What Gaming Has Taught Me About Being Mayor

I became mayor of a village in rural Ohio for the same reason I’ve often wound up a game master: no-one else showed interest in the job. Now the specifics, as always, are more nuanced than that but broadly speaking that’s what went down. Like many GMs I’ve had, the previous mayor decided they had put in their time and were ready to do something else but in keeping with the best of GMs, they encouraged others around them to step in and I was fortunate enough to receive her mentorship and encouragement. I was also fortunate to have been encouraged to get involved in other aspects of municipal governing, starting on the Planning & Zoning Commission before getting elected to Village Council. This way I had some experience with the mechanics and saw her example of doing the job so when it was my turn to take the hot seat, It wasn’t like the time I was 8 and tried to teach myself how to play my brothers’ Star Frontiers game with no assistance.

The months leading up to actually becoming mayor can be like the fervent excitement GMs put into planning their campaigns. They think about all the possibilities and just what they want to see and do. Then the job actually begins and much of that planning goes right out the window. Month by month and week by week, so much of what happens is based on what happened previously and the contradictory ways that government can both be slow and methodical or change suddenly and without warning and there is a sense of dancing on ball bearings to make sure everything goes smoothly and doesn’t fall to pieces. Villagers and council members resemble D&D players in that they all have their own agendas and interests and while they might be happy that you are there to do your job, they’re not particularly invested in what you have planned and want to play the game they want to play. Luckily, much of the disconnect or frustration can be mitigated by maintaining steady communication and managing expectations all around.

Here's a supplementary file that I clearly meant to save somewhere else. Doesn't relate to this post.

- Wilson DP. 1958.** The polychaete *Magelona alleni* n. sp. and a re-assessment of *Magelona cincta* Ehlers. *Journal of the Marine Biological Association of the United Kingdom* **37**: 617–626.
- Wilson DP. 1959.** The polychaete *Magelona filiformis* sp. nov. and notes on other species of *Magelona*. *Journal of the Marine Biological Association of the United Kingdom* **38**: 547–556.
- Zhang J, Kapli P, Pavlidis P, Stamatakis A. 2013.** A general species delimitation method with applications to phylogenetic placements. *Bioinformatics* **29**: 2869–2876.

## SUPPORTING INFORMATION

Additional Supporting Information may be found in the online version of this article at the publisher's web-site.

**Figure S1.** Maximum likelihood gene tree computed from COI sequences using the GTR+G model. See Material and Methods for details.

Sessions of council are where the practical skills of a GM really come to light. So much of my job is to manage this specific chunk of time and make sure that everything moves at a decent pace while ensuring that the folks around the table are able to do what they want to do without it proving a detriment to others. If you’re talking too much, chances are that folks are not going to be invested in what’s happening. Time management, encouraging folks to speak up, politely redirecting folks who might be dominating conversation, all of these skills and more are key to running both a good game and maintaining an orderly democratic process.

Should every game master get into politics? Based on my experience, that’s a definite no but I do think there is something to encouraging folks who are interested in politics to find places where they can practice the skills they will need to serve the public and manage others and you can do worse than have some experience wrangling paladins and necromancers.

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